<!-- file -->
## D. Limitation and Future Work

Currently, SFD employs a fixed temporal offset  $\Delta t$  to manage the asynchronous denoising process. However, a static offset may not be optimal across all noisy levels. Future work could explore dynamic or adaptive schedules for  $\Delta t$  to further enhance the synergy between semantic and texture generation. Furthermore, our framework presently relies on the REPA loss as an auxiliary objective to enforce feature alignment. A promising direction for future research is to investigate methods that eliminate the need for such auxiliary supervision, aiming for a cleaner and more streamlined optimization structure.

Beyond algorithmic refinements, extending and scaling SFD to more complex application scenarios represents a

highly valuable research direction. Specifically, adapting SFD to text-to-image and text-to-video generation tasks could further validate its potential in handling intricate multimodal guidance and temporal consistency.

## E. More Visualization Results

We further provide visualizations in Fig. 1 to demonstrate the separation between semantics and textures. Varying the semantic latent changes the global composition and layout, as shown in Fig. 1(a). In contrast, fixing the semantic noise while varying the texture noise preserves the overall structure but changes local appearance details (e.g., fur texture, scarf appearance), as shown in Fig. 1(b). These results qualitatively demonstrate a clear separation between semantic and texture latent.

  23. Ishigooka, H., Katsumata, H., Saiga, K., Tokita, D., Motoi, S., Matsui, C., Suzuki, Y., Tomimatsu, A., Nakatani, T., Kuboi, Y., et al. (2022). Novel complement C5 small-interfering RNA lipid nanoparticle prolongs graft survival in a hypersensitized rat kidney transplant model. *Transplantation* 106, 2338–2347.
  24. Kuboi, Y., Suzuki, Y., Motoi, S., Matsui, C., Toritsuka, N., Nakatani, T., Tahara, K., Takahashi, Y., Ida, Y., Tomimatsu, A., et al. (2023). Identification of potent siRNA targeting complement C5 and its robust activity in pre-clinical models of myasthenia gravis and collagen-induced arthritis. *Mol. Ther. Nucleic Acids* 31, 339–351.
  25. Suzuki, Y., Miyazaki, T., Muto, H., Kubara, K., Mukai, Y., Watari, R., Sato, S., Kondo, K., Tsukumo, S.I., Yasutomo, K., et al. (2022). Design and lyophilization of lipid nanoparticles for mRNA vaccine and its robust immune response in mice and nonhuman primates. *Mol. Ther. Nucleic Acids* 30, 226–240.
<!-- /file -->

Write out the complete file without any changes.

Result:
## D. Limitation and Future Work

Currently, SFD employs a fixed temporal offset  $\Delta t$  to manage the asynchronous denoising process. However, a static offset may not be optimal across all noisy levels. Future work could explore dynamic or adaptive schedules for  $\Delta t$  to further enhance the synergy between semantic and texture generation. Furthermore, our framework presently relies on the REPA loss as an auxiliary objective to enforce feature alignment. A promising direction for future research is to investigate methods that eliminate the need for such auxiliary supervision, aiming for a cleaner and more streamlined optimization structure.

Beyond algorithmic refinements, extending and scaling SFD to more complex application scenarios represents a

highly valuable research direction. Specifically, adapting SFD to text-to-image and text-to-video generation tasks could further validate its potential in handling intricate multimodal guidance and temporal consistency.

## E. More Visualization Results

We further provide visualizations in Fig. 1 to demonstrate the separation between semantics and textures. Varying the semantic latent changes the global composition and layout, as shown in Fig. 1(a). In contrast, fixing the semantic noise while varying the texture noise preserves the overall structure but changes local appearance details (e.g., fur texture, scarf appearance), as shown in Fig. 1(b). These results qualitatively demonstrate a clear separation between semantic and texture latent.

  23. Ishigooka, H., Katsumata, H., Saiga, K., Tokita, D., Motoi, S., Matsui, C., Suzuki, Y., Tomimatsu, A., Nakatani, T., Kuboi, Y., et al. (2022). Novel complement C5 small-interfering RNA lipid nanoparticle prolongs graft survival in a hypersensitized rat kidney transplant model. *Transplantation* 106, 2338–2347.
  24. Kuboi, Y., Suzuki, Y., Motoi, S., Matsui, C., Toritsuka, N., Nakatani, T., Tahara, K., Takahashi, Y., Ida, Y., Tomimatsu, A., et al. (2023). Identification of potent siRNA targeting complement C5 and its robust activity in pre-clinical models of myasthenia gravis and collagen-induced arthritis. *Mol. Ther. Nucleic Acids* 31, 339–351.
  25. Suzuki, Y., Miyazaki, T., Muto, H., Kubara, K., Mukai, Y., Watari, R., Sato, S., Kondo, K., Tsukumo, S.I., Yasutomo, K., et al. (2022). Design and lyophilization of lipid nanoparticles for mRNA vaccine and its robust immune response in mice and nonhuman primates. *Mol. Ther. Nucleic Acids* 30, 226–240.